ArLyne's Diamonds

A running commentary of ideas

Friday, May 13, 2016

Charismatic Leadership

When you ask people what the most important qualities are for leadership, almost all will list charisma at the top of their list. What is charisma and why is it important?

Max Weber (quoted in Wikipedia) offers that it is the "exceptional sanctity, heroism, or exemplary character of an individual person." I read this and think of Hitler, Jim Jones, and others who lead for evil. So, I don't buy the description as being the whole story.

To me, charismatic leadership is the quality to appear bigger, better wiser, and more compassionate than others - with the drive and energy that compels people to follow.

Whether in politics, war, or corporate governance, the qualities of leadership become important to motive others to get on your team and do what you need and want them to do. Without this quality, one needs to bribe, beg, bully, or pay heavily in order to get the tasks completed.

The Los Angeles Times (March 27, 2016) posted an article called "A dark side of charismatic leaders" (Joyce E.A. Russell) in it they mention that some leaders lead people down a path of self-destruction. And, of course that leads us back to memories of Hitler and Jim Jones among others. So, there is difference between ethical and unethical leaders.

I'd go so far as to suggest that the evil leaders are megalomaniacs and think so highly of themselves, they rarely if ever listen to the advice of others. The better leaders - the good guys if you will - have positive goals and a willingness to communicate with others and listen and learn from others.

Let's apply this to the workplace - and of course make some generalizations.

Evil leaders have personal goals that lead to their own aggrandizement - and often end up destroying the organizations they build. The people they lead ultimately become their victims. Positive charismatic leaders set goals that are for the betterment of the organization as a whole. They encourage ideas from others (no yes men for them) and are delighted at the growth and success of those around them.

Steve Jobs, Larry Ellison, Andy Grove, John Chambers, Mark Zuckerberg, and many others can be described as charismatic leaders - some more self-serving than others. It is the power of their leadership that led their respective companies to the level of greatness we admire.

But, in some of these organizations (and I'm not going to mention which ones) the preferred style of management is by status and intimidation. People are forced to work exceptionally long hours (even for Silicon Valley) and since they all work at will, if they aren't available 24/7 they run the risk of being fired. It is high salaries and status that keeps them in line.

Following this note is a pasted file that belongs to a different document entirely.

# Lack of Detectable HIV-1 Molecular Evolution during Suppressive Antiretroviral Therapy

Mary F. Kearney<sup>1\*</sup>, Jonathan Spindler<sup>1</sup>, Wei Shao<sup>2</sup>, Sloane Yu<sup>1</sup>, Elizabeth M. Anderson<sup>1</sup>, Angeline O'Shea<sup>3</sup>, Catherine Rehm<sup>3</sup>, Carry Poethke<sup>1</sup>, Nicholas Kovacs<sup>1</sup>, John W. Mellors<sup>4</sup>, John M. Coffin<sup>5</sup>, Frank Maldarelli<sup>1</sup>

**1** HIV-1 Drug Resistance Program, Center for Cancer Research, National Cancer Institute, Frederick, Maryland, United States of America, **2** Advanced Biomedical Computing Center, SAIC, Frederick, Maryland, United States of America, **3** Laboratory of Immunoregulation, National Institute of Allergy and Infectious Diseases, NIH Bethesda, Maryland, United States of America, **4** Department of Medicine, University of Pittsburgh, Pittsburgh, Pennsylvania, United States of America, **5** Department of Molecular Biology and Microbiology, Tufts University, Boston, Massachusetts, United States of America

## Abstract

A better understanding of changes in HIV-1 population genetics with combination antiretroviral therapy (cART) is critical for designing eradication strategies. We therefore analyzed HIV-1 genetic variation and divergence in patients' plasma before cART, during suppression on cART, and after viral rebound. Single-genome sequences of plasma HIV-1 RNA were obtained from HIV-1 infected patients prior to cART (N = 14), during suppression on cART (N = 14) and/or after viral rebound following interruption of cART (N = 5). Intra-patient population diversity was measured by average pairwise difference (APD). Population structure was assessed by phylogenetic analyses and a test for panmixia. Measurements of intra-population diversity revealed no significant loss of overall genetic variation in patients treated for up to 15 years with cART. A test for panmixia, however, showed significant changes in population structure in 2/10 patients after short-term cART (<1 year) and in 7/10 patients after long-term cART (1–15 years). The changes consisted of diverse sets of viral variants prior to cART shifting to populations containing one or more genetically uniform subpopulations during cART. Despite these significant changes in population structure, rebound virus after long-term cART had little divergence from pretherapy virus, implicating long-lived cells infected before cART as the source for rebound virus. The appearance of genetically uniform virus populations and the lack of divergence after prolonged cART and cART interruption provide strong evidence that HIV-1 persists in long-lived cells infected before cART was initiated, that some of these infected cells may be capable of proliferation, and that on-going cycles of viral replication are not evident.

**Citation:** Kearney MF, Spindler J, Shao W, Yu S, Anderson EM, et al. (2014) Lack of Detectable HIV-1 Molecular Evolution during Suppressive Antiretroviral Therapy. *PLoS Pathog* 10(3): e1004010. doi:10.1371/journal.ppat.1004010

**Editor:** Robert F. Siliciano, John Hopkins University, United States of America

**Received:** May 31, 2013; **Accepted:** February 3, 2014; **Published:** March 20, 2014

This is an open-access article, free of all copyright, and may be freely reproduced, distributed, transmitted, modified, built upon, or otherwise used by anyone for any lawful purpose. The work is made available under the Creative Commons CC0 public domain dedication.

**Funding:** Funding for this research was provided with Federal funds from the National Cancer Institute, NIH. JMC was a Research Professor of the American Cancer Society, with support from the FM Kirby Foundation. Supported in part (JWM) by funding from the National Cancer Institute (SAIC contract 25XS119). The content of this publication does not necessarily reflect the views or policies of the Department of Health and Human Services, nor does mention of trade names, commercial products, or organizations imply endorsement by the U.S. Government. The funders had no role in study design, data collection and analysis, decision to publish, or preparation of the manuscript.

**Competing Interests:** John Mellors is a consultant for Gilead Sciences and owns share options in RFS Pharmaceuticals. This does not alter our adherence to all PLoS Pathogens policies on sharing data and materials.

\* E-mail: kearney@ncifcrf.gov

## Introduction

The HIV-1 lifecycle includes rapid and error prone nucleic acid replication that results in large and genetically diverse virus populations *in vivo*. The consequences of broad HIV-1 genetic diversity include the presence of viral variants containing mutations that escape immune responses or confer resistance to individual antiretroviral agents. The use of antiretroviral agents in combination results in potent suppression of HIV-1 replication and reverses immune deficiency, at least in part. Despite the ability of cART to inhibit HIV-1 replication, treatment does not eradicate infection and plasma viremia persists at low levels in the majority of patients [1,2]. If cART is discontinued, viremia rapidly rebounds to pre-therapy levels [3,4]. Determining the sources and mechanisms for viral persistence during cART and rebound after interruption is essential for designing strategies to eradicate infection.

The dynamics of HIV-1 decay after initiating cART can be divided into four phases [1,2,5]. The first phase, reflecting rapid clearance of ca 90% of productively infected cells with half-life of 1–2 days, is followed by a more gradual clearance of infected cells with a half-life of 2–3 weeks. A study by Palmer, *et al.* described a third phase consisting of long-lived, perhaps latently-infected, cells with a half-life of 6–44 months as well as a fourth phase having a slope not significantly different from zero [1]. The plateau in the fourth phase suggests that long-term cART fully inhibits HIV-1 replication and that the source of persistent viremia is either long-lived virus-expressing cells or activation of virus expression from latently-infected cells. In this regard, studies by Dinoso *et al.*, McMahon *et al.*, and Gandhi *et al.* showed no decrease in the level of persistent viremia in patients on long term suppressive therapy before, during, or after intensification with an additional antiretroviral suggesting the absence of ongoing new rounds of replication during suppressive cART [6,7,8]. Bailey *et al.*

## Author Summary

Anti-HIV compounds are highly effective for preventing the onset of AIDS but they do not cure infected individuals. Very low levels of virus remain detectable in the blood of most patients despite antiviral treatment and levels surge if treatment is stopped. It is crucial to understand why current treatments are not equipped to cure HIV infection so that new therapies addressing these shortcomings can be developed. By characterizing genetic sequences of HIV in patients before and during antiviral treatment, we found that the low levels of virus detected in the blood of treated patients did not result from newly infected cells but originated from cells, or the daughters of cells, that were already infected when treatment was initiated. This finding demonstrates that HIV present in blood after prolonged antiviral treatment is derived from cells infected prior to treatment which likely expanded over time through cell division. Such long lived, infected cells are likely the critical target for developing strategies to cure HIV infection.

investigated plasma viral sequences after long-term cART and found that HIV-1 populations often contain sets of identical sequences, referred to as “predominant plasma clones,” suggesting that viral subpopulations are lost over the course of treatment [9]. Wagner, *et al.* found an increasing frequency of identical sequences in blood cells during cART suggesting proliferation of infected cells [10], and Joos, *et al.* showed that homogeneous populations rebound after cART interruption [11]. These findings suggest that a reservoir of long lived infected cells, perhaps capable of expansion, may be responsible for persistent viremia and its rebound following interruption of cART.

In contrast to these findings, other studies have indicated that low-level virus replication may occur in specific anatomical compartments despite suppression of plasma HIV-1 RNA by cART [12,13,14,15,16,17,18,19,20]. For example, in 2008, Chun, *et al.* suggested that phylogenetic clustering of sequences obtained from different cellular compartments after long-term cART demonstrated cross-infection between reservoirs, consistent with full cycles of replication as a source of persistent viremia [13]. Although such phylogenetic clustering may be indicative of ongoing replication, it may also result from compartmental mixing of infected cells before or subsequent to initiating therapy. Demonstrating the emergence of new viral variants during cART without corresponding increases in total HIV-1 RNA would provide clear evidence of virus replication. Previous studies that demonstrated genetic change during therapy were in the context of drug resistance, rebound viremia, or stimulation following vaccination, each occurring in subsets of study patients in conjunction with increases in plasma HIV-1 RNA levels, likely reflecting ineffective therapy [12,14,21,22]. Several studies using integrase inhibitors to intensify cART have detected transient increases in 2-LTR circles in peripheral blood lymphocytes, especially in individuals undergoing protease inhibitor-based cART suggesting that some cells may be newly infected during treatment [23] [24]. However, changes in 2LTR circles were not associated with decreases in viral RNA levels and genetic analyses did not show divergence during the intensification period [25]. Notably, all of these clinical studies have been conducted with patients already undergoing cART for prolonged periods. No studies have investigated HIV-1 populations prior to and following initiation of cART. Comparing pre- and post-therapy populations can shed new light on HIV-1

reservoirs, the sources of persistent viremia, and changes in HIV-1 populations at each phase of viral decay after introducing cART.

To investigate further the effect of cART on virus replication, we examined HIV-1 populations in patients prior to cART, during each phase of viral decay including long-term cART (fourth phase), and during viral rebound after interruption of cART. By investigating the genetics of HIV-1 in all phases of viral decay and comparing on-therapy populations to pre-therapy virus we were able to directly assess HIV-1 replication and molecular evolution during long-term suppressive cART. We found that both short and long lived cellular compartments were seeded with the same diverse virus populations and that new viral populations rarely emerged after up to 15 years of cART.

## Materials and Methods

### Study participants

As I am writing this, I am thinking about the Prison guards and some of the inmates in the series Orange is the New Black.  If you've been watching it - and I've become addicted - you'll remember that the Assistant Warden got so caught up in her own power that she embezzled and denied the prisoners some basic comfort and health care needs. Some of the guards became vicious, controlling bullies because they had the power - and ruled by fear. A few of the inmates fell into this category as well - ruling by intimidation and violence.

In today's workplace, we rarely see this same level of managers who rule by threats of physical violence - although in years past they still existed. Instead, the bully boss controls by performance appraisals, promises of promotions, the better (or worse) projects and of course salary increases and the ultimate threat - firing.

So unfortunately, as much as I wish I could, I can't say that only positive charismatic leaders lead to success. Some of the bad guys do too. Too bad.

Participatory Management
We think of charismatic leadership to be authoritarian in style - but that's not necessarily true. Some of our great charismatic leaders led by what is called Participatory Management. One, if not more of our American Presidents was known for this style of leadership.

In Participatory Management, the leader takes ultimate responsibility for the decisions - it is not a democracy - but the leader encourages all executives, team players, stakeholders, etc., to offer their ideas - to openly disagree with each other - and this type of leader listens and learns and ultimately makes the decision him/herself.

The person of self-esteem is never afraid to learn from others - indeed, delights in having others from whom to learn. This is what ultimately creates an extraordinary leader.

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